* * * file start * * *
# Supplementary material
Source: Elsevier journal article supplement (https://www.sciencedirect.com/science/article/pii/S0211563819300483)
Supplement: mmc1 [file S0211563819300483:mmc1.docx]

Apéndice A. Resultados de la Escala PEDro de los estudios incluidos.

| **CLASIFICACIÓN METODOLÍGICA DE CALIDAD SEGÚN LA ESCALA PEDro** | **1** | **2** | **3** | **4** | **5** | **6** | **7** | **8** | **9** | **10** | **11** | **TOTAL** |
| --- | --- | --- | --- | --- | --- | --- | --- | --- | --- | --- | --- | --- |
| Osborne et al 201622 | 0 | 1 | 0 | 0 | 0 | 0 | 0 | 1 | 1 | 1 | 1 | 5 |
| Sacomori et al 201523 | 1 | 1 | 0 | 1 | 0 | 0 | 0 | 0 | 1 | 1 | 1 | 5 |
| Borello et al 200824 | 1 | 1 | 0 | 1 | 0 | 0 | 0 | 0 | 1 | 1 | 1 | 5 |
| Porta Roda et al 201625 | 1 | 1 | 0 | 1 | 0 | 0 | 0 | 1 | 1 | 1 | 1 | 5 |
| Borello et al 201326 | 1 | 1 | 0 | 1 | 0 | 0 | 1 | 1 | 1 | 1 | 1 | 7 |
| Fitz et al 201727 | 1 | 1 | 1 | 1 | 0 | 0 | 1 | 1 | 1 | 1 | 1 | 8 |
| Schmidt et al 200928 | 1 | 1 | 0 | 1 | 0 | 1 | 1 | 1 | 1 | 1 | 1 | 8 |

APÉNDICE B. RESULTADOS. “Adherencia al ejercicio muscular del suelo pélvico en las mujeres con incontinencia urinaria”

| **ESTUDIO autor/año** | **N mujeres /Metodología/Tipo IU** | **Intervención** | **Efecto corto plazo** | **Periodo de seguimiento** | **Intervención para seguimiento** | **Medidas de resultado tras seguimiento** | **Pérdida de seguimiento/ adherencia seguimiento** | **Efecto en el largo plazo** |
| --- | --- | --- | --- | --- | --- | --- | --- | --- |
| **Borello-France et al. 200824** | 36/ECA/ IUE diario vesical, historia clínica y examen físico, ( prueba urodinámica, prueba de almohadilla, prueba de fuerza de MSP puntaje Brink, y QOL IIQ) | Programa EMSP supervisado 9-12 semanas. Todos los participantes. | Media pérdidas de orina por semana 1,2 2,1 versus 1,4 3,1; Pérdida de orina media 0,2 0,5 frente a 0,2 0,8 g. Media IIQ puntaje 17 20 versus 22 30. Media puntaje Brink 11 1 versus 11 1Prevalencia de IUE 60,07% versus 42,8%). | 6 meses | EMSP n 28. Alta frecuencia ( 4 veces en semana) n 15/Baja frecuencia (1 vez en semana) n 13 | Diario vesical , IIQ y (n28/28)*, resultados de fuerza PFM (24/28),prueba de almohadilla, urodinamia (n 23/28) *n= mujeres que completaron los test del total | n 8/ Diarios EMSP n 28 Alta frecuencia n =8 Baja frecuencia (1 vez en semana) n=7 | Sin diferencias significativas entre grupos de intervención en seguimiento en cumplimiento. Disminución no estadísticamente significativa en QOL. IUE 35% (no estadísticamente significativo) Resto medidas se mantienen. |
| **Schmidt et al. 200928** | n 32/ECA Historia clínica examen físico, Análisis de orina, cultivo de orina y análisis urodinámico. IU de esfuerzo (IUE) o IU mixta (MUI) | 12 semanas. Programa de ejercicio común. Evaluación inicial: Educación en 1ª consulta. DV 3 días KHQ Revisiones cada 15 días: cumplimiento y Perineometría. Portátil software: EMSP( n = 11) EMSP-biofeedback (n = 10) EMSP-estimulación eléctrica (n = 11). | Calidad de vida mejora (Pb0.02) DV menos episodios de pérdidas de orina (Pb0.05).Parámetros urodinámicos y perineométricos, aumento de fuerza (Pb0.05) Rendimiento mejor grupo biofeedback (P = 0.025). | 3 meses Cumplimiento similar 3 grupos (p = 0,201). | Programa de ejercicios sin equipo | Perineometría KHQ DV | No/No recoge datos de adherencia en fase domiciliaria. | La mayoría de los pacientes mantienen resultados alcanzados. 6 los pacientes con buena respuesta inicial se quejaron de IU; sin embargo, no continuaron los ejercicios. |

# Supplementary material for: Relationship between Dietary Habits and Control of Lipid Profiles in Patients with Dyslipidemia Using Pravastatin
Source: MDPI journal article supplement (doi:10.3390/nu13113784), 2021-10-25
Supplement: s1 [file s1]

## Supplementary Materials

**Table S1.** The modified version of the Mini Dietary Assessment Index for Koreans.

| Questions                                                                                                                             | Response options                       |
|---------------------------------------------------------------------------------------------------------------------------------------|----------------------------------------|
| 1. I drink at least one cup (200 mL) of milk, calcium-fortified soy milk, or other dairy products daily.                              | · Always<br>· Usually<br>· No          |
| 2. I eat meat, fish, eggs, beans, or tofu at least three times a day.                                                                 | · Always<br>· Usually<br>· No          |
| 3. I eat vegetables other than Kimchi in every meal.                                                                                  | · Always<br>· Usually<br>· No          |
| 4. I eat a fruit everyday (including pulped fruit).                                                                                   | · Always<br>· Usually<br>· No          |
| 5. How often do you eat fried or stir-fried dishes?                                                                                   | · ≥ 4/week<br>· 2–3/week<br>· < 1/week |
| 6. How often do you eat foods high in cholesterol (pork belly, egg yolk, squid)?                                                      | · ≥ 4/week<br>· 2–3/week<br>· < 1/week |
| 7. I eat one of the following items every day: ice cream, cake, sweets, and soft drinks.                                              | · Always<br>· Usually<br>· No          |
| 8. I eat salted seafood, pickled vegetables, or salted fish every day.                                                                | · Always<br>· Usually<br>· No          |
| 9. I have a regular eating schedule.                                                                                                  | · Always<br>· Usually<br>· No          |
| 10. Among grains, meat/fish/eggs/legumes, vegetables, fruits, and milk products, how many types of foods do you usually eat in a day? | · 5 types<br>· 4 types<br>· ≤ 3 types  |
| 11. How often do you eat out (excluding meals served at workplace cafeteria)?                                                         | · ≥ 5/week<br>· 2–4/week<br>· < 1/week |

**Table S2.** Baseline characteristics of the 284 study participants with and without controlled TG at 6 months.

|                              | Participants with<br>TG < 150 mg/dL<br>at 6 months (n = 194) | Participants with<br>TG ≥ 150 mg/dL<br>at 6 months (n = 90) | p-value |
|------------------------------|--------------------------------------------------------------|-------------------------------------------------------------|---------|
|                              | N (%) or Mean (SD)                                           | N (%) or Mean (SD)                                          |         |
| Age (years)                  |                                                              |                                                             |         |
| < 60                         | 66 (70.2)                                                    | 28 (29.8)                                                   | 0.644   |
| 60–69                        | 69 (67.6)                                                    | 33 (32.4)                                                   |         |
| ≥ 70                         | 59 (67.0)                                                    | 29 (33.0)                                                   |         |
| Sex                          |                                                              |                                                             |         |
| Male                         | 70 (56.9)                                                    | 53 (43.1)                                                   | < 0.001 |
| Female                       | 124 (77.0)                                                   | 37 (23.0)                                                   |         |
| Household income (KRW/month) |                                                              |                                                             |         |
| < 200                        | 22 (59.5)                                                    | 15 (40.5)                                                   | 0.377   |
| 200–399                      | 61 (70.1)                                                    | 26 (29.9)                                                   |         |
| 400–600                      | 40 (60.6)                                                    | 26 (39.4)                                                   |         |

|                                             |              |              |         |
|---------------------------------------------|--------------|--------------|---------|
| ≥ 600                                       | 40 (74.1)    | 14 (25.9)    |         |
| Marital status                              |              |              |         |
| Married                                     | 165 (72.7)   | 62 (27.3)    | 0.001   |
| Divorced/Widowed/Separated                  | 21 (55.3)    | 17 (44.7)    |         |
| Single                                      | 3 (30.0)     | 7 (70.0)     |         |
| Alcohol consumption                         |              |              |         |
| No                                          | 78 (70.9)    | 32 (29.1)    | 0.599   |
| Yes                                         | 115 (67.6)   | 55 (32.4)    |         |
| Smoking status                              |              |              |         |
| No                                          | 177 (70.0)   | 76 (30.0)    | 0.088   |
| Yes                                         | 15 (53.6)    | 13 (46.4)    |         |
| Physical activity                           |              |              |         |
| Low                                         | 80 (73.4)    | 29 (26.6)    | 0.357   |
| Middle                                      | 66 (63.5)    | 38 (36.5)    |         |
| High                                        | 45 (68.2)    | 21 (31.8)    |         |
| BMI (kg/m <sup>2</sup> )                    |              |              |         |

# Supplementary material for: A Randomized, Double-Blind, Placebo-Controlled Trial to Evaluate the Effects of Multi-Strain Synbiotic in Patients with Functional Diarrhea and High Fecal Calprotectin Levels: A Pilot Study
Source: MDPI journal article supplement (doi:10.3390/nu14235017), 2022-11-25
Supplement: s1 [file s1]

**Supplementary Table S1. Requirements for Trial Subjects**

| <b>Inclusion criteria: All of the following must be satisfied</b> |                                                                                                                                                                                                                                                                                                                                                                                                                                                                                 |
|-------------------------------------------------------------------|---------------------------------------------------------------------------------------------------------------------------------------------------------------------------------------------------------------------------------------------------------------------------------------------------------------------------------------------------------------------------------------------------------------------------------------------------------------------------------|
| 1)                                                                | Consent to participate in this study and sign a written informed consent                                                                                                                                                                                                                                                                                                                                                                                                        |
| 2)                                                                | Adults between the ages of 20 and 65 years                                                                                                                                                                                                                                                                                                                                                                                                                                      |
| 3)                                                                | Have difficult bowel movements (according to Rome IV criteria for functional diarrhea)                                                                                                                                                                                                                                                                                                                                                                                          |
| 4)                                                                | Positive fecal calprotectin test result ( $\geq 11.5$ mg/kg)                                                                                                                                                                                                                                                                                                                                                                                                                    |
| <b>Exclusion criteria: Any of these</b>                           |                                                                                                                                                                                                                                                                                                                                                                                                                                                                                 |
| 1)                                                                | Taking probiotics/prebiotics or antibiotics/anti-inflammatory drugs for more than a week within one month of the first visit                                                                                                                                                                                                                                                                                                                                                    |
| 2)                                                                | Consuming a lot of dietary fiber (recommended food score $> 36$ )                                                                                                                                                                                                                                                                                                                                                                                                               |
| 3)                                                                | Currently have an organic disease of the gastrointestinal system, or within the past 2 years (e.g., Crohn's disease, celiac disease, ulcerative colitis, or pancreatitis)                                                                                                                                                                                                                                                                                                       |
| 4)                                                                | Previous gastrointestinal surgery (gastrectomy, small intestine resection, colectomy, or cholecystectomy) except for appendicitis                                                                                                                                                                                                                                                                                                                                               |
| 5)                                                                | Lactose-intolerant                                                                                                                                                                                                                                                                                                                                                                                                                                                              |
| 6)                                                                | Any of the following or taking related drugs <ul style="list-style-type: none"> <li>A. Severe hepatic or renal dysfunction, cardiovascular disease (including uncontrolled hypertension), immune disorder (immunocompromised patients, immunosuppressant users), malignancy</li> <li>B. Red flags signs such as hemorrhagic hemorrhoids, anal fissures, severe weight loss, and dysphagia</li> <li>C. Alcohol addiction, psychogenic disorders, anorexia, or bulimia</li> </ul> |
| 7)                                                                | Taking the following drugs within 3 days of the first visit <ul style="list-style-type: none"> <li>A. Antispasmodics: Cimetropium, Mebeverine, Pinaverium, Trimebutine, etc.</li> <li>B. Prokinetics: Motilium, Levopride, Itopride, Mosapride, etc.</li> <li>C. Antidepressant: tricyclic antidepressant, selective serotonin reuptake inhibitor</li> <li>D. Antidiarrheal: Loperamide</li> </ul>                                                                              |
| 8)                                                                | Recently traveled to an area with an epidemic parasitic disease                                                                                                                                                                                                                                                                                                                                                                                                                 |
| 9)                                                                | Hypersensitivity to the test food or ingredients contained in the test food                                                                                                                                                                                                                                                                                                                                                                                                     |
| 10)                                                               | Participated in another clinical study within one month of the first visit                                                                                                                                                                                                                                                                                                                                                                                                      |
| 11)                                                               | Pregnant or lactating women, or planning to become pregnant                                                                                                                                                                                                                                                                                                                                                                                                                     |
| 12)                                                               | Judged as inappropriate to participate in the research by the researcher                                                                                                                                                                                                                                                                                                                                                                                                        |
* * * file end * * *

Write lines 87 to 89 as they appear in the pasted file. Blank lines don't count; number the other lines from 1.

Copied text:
| 7)                                                                | Taking the following drugs within 3 days of the first visit <ul style="list-style-type: none"> <li>A. Antispasmodics: Cimetropium, Mebeverine, Pinaverium, Trimebutine, etc.</li> <li>B. Prokinetics: Motilium, Levopride, Itopride, Mosapride, etc.</li> <li>C. Antidepressant: tricyclic antidepressant, selective serotonin reuptake inhibitor</li> <li>D. Antidiarrheal: Loperamide</li> </ul>                                                                              |
| 8)                                                                | Recently traveled to an area with an epidemic parasitic disease                                                                                                                                                                                                                                                                                                                                                                                                                 |
| 9)                                                                | Hypersensitivity to the test food or ingredients contained in the test food                                                                                                                                                                                                                                                                                                                                                                                                     |